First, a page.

IB Librarians learn how to connect the IB learner profiles, transdisciplinary skills and concepts to stories and the Units of Inquiry. They are often found using technology tools and various apps to help students share their learning.  IB Librarians connect through read-aloud sessions keeping in mind – Reading with a Purpose, and five keys to storytelling, supporting Literacy. With computers in the hands of the children, it’s important to teach them DigitalCitizenship  (Commonsense Media Guidelines) as a part of the library classes. Of course, all of the resources are guidelines to suit your patrons and learners.

VR Headset by Andri Koolme, Flickr, Under CC-BY 2.0)

Librarians in IB schools wear many hats: one of a curator of resources both print and digital information, they collaborate with teachers to build the collection, they co-teach with classroom teachers, maintain the library, work with the technology department and use technology tools to sharpen students understanding.

Creating with digital tools by Speed of Creativity – CC- BY-NC

They usually have the digital Library platform where they share library news, resources, and information with their learners. Now, librarians are bringing content to students by using Virtual Reality (VR) and Google Expeditions to the units.

Librarians who join international schools are often perplexed about teaching and often ask about a library curriculum. There is no stand-alone curriculum for librarians. However, I guess you will need to create one that combines the ATL or the Transdisciplinary Skills or the AASL or ISTE Standards to match the Units of Inquiry and find various ways and strategies to enrich literacy. These guidelines can give librarians accountability and direction. Many librarians are creating different planners. I was at a conference last November 2017 and the presenter – Doug Johnson recommended adopting ISTE standards. I looked at them carefully and found them to be relevant and robust, precise and attainable. Keeping the standards in mind, you can create engagements to match the Units of Inquiry.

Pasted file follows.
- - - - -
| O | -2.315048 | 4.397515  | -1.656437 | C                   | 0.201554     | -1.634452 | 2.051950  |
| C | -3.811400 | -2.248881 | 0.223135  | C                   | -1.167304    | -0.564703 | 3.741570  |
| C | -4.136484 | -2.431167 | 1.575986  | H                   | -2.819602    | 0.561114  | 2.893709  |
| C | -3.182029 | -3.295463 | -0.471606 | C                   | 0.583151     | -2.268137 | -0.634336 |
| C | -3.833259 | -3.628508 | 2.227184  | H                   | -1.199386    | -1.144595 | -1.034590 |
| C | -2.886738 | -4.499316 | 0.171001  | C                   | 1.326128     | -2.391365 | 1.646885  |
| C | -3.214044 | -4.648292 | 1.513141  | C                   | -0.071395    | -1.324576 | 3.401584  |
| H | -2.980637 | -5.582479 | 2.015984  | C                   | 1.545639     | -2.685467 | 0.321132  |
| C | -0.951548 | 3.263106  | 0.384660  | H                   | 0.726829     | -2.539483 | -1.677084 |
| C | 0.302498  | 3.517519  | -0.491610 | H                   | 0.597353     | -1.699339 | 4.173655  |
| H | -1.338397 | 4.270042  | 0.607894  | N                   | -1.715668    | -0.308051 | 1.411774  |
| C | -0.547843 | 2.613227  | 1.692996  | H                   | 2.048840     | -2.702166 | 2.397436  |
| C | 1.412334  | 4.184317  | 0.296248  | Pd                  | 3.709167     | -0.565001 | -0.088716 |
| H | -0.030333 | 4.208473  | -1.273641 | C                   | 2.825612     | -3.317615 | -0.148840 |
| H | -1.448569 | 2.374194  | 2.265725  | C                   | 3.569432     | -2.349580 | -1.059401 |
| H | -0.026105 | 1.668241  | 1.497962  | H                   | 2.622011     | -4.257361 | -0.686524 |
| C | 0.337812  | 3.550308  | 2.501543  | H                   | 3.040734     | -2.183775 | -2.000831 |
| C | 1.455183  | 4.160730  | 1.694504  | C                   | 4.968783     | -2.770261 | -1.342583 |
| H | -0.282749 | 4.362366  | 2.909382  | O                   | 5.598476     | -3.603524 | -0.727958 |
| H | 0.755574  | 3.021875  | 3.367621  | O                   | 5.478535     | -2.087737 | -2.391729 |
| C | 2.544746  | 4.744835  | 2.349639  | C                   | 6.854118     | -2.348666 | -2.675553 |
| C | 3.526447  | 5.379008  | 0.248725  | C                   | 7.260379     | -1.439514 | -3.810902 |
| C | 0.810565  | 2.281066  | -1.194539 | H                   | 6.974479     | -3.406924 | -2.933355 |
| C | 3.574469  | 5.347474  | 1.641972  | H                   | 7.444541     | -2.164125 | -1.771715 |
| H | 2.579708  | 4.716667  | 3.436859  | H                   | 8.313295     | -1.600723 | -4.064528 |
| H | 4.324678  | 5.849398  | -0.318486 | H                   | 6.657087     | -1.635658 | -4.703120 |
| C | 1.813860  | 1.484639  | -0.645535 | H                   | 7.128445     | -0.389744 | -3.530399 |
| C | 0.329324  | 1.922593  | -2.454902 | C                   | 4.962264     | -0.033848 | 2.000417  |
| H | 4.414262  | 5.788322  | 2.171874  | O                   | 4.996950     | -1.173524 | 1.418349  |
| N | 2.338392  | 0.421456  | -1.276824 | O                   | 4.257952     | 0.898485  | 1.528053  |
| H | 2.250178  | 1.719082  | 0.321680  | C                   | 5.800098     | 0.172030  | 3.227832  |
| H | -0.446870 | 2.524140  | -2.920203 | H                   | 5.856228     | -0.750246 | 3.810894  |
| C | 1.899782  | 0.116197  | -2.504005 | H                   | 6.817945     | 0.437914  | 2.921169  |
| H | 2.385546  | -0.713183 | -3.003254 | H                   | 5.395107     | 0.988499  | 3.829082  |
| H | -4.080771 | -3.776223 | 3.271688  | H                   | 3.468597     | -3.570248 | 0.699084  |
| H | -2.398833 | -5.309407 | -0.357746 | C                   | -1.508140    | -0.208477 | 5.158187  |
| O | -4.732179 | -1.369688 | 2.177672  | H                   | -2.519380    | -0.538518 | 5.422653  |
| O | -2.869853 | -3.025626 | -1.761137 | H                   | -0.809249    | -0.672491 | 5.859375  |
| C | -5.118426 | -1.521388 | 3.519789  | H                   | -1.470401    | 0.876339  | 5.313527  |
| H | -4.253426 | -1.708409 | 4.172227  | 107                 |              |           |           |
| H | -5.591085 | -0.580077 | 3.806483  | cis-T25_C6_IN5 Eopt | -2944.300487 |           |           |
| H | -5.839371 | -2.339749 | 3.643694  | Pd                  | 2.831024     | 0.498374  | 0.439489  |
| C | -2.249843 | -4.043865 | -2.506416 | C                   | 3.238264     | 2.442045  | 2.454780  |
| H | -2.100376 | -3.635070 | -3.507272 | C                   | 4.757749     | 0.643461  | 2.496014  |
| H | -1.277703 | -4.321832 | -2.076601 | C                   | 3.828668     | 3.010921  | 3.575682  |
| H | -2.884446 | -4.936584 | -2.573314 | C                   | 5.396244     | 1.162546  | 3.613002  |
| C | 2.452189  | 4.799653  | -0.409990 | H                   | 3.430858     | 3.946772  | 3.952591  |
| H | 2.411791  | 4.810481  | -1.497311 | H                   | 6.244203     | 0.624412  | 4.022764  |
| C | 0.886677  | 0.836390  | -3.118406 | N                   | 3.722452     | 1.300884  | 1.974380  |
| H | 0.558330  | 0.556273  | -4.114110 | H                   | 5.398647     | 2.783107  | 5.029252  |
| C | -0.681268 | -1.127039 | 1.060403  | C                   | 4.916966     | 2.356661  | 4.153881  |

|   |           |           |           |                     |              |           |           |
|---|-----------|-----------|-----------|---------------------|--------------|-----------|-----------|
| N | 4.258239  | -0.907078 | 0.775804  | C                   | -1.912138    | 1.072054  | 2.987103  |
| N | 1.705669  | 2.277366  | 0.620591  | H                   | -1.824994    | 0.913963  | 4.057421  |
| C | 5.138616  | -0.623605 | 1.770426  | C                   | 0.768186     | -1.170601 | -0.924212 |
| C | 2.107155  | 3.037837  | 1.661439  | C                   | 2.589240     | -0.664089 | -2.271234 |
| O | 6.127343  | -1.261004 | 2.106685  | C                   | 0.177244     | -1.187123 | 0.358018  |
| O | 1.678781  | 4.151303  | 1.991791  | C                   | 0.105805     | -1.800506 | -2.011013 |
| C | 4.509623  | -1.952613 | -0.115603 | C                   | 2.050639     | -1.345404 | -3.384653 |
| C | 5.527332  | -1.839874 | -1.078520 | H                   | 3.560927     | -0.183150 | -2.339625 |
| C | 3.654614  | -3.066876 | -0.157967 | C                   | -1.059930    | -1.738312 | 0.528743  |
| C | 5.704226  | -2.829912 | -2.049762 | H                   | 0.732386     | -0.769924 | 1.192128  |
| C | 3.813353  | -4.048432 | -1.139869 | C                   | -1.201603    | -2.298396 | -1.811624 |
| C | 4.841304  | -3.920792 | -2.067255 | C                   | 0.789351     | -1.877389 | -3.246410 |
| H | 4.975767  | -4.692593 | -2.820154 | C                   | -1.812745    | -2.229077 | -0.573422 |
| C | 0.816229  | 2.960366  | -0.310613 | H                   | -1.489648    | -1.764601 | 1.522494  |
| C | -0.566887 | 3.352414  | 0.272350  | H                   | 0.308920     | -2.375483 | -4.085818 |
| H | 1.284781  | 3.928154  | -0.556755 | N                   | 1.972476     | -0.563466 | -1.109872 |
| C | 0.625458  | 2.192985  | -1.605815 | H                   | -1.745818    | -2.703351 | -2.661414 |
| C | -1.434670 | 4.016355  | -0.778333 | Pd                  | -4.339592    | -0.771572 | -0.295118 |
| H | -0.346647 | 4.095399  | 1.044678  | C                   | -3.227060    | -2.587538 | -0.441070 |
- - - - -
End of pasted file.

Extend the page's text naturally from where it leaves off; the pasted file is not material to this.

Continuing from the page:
Yes, that’s a lot of work, but I guess when a couple of librarians come together to collaborate and support each other, they can create a unique curriculum that works for their school. There is no “one size fits all” formula at International Schools. Each school is exclusive and therefore forming guidelines/engagements/ standards-based or skills-based structures to suit your learners is something for each librarian to ponder. Collaborating with your curriculum head or coordinator helps give direction. Feel free to email me for a good discussion.